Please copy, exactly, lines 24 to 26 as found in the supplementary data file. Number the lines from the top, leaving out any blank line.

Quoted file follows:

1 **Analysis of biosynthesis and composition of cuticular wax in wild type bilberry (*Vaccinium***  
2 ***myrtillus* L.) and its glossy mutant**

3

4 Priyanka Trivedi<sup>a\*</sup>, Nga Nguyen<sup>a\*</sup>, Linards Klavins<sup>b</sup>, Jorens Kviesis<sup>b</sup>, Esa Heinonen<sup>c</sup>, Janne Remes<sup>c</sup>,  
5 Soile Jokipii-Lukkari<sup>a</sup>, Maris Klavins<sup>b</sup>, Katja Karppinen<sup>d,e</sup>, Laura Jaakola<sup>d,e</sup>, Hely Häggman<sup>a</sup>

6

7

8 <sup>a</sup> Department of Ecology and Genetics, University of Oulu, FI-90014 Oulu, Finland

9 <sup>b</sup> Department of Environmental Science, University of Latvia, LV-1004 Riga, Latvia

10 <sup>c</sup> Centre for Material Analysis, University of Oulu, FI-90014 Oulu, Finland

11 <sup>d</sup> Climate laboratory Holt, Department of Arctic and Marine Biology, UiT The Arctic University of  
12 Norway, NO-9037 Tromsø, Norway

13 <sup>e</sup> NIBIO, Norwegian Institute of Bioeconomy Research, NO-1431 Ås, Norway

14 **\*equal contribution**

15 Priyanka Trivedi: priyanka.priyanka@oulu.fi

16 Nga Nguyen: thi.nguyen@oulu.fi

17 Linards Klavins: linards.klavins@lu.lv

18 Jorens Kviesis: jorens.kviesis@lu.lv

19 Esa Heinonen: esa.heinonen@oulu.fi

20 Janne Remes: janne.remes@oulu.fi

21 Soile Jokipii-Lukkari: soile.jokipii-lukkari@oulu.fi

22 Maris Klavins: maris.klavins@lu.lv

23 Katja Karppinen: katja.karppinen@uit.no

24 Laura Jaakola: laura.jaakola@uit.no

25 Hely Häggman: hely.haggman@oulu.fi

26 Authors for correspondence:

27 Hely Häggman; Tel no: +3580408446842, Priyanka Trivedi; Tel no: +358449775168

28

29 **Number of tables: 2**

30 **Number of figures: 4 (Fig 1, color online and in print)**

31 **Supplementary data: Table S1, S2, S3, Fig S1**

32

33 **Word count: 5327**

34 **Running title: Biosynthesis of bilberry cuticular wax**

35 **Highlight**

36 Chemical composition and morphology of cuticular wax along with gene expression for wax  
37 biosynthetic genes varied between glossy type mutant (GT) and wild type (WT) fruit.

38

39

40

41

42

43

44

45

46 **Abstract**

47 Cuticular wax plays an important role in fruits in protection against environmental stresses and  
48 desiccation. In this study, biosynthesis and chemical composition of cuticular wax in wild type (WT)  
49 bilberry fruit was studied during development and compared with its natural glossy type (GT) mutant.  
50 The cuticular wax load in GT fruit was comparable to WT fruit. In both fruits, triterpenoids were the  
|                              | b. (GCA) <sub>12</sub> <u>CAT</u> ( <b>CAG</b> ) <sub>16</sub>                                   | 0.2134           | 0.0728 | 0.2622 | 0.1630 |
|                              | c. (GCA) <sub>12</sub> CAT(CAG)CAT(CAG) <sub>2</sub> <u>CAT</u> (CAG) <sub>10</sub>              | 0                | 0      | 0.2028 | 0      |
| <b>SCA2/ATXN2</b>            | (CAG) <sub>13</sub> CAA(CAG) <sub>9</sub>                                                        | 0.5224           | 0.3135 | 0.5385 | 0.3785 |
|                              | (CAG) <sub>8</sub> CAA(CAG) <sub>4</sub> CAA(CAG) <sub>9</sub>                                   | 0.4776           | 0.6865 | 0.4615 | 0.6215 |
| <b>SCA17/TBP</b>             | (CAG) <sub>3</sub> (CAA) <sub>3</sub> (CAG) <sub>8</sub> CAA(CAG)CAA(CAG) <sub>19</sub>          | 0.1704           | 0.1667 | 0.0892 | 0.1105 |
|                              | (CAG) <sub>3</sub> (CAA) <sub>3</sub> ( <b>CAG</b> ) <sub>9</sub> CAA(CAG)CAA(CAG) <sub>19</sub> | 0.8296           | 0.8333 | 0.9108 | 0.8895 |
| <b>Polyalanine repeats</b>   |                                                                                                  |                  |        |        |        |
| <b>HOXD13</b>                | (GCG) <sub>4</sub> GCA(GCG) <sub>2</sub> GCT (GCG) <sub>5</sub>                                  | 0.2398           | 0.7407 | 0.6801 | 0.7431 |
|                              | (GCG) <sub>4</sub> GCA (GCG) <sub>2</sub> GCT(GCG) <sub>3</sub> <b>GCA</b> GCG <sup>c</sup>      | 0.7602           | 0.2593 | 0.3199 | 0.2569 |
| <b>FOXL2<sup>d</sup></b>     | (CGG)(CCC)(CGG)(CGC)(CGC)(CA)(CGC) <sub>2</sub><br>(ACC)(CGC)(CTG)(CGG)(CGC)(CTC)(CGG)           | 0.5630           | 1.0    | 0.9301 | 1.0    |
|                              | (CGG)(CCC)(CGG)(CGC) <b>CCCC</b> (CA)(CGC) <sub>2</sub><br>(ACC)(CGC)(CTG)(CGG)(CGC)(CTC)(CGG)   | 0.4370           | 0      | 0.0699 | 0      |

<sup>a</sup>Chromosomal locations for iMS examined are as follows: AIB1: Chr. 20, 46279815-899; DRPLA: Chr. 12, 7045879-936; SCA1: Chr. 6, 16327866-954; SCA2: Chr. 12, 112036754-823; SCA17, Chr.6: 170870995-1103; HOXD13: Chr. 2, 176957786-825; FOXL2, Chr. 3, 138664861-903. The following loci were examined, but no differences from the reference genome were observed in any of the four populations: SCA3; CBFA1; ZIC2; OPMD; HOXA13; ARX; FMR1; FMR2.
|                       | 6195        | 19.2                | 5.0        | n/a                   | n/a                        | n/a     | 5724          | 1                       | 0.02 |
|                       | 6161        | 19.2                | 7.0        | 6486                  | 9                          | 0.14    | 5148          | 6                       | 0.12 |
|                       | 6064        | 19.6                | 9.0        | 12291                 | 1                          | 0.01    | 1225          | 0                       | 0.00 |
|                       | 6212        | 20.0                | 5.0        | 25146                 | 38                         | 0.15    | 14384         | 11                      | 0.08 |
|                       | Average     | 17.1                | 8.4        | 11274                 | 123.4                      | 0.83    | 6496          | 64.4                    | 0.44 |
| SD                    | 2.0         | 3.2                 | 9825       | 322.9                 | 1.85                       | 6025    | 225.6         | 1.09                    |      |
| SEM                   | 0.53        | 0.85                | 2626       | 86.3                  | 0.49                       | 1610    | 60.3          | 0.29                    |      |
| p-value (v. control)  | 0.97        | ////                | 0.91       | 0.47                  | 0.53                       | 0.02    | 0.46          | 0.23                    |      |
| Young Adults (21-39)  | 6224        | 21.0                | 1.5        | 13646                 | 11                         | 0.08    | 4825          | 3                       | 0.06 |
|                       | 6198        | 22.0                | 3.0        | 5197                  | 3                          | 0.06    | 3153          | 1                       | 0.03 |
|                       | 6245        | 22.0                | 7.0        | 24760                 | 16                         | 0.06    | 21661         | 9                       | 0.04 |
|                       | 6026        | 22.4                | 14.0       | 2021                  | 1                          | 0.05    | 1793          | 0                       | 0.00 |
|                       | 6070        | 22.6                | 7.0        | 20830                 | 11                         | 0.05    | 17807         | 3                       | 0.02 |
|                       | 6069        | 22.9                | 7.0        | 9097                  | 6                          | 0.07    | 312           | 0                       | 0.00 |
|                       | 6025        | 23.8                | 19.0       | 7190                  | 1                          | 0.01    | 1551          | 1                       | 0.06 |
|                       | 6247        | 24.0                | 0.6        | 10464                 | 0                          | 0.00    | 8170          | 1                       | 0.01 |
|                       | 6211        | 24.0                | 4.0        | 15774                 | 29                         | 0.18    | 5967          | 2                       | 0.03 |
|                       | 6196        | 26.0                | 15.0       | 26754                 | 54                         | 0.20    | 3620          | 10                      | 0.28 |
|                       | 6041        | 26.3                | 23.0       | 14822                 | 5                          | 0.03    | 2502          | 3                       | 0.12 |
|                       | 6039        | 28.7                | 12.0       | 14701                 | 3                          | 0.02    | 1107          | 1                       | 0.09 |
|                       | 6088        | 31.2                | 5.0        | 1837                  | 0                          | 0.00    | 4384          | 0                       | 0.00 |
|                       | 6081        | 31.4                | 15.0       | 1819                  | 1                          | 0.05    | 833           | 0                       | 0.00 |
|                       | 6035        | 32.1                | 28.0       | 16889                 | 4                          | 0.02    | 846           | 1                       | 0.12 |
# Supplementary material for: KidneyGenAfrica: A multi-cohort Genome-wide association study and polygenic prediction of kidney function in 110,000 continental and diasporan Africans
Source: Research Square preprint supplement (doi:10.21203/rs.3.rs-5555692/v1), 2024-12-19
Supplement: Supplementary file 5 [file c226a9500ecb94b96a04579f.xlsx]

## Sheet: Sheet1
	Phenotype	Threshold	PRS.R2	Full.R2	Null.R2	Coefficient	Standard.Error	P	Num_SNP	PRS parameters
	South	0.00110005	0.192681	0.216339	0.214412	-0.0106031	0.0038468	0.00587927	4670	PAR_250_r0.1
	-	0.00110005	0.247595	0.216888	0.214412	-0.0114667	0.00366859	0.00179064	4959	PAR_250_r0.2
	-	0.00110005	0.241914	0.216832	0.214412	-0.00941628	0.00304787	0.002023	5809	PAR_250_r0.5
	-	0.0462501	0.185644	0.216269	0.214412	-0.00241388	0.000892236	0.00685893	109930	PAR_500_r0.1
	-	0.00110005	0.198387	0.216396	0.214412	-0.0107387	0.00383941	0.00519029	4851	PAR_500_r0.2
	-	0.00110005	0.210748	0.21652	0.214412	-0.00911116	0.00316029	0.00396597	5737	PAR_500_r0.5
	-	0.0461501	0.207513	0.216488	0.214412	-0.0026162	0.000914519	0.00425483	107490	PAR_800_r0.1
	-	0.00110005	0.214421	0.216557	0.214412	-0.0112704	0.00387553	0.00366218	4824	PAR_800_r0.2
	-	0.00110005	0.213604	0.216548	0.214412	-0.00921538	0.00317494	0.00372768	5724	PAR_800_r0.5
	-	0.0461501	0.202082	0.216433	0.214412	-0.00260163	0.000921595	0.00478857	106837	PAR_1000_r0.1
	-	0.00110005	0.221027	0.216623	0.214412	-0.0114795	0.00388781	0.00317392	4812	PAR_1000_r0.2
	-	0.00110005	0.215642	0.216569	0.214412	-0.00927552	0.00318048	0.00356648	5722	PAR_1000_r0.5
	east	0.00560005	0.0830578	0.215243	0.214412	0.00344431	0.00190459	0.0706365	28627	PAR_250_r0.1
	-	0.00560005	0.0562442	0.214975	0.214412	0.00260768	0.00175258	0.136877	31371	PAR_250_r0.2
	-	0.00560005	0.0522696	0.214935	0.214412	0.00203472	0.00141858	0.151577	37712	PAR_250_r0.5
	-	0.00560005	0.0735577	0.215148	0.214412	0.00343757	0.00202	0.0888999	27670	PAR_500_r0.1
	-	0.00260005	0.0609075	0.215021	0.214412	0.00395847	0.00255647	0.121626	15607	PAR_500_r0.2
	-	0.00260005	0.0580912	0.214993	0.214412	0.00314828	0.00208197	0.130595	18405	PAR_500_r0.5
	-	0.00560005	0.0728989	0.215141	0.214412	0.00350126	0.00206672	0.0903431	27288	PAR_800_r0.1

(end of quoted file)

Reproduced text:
24 Laura Jaakola: laura.jaakola@uit.no

25 Hely Häggman: hely.haggman@oulu.fi

26 Authors for correspondence: